Avoiding ambiguity

In this post I’m going to focus on three small things that can derail your otherwise clear writing by creating ambiguity: slashes, Latin abbreviations, and “ensure”.


We’ll look at how you can avoid ambiguity by making sure you:

      Use exact words and punctuation instead of slashes

      Replace e.g. and i.e. with words

      Use “ensure” only when you really mean it.



Use exact words and punctuation instead of slashes

Officially, the slash (/) is used to denote alternatives, such as where there are two variants for a word, for example, she/he or color/colour. However, many people use the slash in place of a variety of words and punctuation. This means the reader often has to guess the meaning of the slash—for example, is it being used as a comma, does it mean “or,” or does it mean “and”?


The interpretability of a slash can derail the clarity of an otherwise well-written sentence. The example below shows how much ambiguity can come from just one slash!


Example: The new strategy will focus on streamlining/ending projects that don’t align with the organization’s vision and long-term goals.


Possible interpretations:

a. The slash means “streamlining” and “ending” are used interchangeably. All non-aligning projects are closing.

b. The slash means “or.” Some non-aligning projects will end while others will be streamlined.

c. The slash means “and.” All non-aligning projects will first be streamlined and then will end.

d. The slash shows possibilities. It’s not yet decided whether non-aligning projects will be streamlined or ended.


When you write, replace any slashes with your intended words or punctuation so that your sentence says exactly what you mean and can’t be wrongly interpreted.



Replace e.g. and i.e. with words

The tiny abbreviations e.g. and i.e. are great for saving space in a document. However, as they are based on Latin (not a language many people speak!), they can lead to ambiguity and misunderstandings. 


Look at sentences A and B in the box below, do you definitely understand the difference? Do you think everyone reading the notice will understand the difference?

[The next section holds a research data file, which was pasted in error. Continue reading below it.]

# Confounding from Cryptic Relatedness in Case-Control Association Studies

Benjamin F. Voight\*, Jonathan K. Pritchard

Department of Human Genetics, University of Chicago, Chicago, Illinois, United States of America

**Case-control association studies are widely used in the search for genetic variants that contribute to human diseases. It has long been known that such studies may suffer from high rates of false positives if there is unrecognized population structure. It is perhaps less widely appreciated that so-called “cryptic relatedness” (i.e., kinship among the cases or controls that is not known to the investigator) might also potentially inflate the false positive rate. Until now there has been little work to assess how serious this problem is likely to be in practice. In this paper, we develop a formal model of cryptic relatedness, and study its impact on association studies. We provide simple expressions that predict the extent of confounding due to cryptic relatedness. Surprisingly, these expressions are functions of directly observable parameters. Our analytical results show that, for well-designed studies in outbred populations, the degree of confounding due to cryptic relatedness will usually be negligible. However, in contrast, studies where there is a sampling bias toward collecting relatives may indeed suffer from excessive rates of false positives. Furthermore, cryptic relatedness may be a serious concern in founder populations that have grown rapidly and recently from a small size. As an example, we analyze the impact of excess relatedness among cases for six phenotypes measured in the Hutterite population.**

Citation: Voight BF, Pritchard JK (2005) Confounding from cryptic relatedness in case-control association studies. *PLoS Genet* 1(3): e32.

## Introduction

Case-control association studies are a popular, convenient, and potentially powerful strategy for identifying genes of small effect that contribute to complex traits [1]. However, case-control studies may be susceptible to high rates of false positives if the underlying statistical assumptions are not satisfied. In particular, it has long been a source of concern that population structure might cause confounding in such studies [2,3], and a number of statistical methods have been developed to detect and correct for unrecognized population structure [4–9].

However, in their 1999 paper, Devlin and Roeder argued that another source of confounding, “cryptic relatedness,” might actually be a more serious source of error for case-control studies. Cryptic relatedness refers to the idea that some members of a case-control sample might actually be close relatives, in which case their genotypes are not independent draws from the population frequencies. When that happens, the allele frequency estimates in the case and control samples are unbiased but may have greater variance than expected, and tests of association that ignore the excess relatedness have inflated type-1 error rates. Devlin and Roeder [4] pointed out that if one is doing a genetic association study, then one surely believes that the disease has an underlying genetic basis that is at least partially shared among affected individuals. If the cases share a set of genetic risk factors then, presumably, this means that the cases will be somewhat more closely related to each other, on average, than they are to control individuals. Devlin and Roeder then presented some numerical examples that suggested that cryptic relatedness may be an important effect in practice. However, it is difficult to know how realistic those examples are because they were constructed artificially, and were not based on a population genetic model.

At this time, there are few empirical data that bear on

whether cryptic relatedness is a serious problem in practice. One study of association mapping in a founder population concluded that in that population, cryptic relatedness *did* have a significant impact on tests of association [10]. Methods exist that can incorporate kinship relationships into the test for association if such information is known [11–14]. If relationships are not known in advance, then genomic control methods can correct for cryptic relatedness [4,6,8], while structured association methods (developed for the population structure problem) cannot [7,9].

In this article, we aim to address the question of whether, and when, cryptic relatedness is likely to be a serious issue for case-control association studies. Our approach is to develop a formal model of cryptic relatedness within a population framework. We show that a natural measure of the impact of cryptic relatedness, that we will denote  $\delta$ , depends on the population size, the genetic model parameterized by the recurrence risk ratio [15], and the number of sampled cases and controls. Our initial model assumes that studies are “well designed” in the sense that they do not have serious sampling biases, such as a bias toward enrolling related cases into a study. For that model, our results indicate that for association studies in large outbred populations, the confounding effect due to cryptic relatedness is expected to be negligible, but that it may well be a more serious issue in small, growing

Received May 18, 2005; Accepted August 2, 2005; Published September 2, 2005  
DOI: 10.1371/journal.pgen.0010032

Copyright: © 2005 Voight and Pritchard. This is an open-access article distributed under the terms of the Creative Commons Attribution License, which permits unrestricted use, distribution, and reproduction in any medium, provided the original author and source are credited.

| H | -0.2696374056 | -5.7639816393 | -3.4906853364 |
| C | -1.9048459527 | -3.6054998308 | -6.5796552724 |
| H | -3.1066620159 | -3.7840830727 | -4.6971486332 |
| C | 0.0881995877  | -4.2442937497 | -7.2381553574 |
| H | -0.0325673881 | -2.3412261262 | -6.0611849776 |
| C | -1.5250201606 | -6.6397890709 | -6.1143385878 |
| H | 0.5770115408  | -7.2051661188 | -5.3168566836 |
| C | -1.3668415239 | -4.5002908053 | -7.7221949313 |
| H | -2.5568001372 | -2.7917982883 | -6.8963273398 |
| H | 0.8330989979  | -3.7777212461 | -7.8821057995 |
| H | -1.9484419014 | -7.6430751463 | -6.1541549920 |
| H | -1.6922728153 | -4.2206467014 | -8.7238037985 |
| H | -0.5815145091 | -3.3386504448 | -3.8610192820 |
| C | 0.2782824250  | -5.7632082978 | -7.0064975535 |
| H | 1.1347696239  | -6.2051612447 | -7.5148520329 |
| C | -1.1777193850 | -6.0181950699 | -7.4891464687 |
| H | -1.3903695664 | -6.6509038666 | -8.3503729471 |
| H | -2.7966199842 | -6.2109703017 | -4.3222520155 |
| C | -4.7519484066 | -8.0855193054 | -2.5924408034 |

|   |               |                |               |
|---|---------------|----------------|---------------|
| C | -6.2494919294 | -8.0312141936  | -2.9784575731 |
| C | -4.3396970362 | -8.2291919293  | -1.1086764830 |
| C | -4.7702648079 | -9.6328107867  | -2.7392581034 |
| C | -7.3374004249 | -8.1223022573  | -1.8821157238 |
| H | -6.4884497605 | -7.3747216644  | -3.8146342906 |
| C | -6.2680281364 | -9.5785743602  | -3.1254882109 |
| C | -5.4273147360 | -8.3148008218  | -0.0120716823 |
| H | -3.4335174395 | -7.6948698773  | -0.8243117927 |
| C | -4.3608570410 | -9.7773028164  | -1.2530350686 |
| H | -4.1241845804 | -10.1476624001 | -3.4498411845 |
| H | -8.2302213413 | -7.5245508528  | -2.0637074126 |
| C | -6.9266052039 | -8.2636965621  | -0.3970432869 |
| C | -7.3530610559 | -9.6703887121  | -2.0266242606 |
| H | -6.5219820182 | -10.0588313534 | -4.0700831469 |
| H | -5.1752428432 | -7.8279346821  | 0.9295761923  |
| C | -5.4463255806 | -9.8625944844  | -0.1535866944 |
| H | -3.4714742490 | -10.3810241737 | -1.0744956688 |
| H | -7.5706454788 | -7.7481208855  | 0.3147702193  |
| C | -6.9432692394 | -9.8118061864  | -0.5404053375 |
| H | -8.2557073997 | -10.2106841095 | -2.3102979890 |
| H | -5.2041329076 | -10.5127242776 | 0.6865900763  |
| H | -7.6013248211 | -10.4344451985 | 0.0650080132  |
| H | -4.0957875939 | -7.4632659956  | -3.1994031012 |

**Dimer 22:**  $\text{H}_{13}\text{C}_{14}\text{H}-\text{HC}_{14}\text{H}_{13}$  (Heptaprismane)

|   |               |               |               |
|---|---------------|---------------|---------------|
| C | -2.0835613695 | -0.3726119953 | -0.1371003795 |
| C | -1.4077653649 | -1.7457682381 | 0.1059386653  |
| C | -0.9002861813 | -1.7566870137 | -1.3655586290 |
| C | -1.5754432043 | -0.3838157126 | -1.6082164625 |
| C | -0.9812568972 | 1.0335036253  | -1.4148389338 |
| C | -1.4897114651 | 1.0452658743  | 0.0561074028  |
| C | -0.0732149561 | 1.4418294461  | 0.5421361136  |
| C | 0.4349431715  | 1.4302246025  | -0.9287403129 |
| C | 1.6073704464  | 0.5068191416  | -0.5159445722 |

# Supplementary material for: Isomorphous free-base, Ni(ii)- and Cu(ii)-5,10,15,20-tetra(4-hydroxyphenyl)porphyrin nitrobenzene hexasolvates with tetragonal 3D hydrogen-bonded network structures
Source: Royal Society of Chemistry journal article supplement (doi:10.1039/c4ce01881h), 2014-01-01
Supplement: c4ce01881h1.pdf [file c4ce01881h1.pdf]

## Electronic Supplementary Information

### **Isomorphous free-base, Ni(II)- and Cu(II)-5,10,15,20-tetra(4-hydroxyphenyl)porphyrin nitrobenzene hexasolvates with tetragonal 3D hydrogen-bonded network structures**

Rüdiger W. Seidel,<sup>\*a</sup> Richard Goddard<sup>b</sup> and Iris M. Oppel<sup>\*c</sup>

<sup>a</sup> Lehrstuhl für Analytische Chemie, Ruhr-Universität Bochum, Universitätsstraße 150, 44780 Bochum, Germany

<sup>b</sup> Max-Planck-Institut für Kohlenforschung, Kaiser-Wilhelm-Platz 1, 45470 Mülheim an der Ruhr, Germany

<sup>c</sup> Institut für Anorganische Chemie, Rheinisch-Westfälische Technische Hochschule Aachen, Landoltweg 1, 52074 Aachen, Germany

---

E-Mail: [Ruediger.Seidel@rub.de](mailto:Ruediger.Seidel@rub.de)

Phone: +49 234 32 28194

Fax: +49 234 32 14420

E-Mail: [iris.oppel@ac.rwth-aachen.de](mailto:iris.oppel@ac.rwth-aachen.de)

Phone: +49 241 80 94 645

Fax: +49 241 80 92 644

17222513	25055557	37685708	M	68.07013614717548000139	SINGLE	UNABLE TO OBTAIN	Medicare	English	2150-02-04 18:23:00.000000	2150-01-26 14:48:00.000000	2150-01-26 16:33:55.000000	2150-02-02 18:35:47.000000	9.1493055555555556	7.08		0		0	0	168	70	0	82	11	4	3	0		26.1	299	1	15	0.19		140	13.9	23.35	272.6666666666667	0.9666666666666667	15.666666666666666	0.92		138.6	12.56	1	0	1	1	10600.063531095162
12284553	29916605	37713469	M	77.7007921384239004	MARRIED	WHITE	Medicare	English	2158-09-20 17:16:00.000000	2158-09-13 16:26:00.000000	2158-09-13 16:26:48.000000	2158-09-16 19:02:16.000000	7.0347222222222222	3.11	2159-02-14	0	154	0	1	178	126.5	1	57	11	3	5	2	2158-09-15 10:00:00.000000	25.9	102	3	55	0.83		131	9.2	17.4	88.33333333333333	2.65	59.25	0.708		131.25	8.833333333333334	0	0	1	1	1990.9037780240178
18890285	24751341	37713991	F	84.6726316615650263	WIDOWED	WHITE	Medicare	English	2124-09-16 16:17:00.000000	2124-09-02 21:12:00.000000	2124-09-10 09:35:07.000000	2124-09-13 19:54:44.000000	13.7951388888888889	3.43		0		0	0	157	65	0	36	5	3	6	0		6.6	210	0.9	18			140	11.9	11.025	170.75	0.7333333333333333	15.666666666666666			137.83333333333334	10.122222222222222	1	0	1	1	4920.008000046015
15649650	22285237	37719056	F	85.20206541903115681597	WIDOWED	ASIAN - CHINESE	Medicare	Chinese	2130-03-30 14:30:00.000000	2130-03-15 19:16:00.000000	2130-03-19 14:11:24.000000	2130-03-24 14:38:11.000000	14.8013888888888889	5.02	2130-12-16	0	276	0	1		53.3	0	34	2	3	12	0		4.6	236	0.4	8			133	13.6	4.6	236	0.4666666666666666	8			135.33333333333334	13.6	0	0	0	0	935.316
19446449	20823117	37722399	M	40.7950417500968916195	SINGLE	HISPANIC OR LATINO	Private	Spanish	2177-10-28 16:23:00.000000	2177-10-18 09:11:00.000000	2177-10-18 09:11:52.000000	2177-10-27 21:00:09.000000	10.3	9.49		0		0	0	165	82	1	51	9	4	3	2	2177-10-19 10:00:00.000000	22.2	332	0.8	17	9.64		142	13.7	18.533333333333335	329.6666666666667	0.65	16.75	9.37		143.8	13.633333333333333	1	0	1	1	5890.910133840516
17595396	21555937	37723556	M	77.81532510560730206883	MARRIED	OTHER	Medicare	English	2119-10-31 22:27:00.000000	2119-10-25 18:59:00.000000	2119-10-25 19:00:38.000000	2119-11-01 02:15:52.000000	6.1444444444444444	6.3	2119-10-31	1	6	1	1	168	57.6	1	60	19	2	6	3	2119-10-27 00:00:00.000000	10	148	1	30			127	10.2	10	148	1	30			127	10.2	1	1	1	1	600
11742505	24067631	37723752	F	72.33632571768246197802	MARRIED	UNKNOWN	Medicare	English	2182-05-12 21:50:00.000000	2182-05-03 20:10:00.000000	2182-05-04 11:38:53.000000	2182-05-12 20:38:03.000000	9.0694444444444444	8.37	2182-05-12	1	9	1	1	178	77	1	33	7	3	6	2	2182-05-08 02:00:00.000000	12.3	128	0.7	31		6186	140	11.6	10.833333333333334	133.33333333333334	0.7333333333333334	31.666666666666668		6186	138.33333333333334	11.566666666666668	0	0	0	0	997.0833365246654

Sentence A: Non-essential items (e.g., magazines and souvenirs) will be removed from the team kitchen to improve cleanliness.

Sentence B: Non-essential items (i.e., magazines and souvenirs) will be removed from the team kitchen to improve cleanliness.


The difference

In sentence A, an unknown list of items will be removed from the kitchen. Apart from magazines and souvenirs we don’t know what is going to be removed.


In sentence B, only magazines and souvenirs are going to be removed.


To avoid the potential ambiguity caused by the Latin abbreviations, replace them with words to say exactly what you mean. Replace “e.g.” with for example, such as, or like


Replace “i.e.” with namely or that is. Or just skip “i.e.” completely. For example, based on the sentences in the box, you could say “Magazines and souvenirs will be removed from the team kitchen to improve cleanliness”.



Use “ensure” only when you really mean it

Ensure means to “make certain something will happen or be the case.” It is a 100% promise and obligation.


If you accidentally promise something by using “ensure” and then have to go back on that promise, you can create ambiguity and uncertainty, regardless of how well you later communicate.


Overpromising: The workshops will ensure the project is fully understood by all stakeholders.


More realistic:

The workshops will help stakeholders understand the project.

The workshops aim to build understanding of the project.

We will work to enable stakeholders to understand the project.


In certain bits of writing, such as contracts, proposals or negotiations, you will need to be strict about how you use “ensure.” You might even want to use the “Find” function in your document to make sure you haven’t accidentally overpromised on something. Use alternative wording that’s still positive but doesn't create a full obligation, for example, aim to, help to, work to.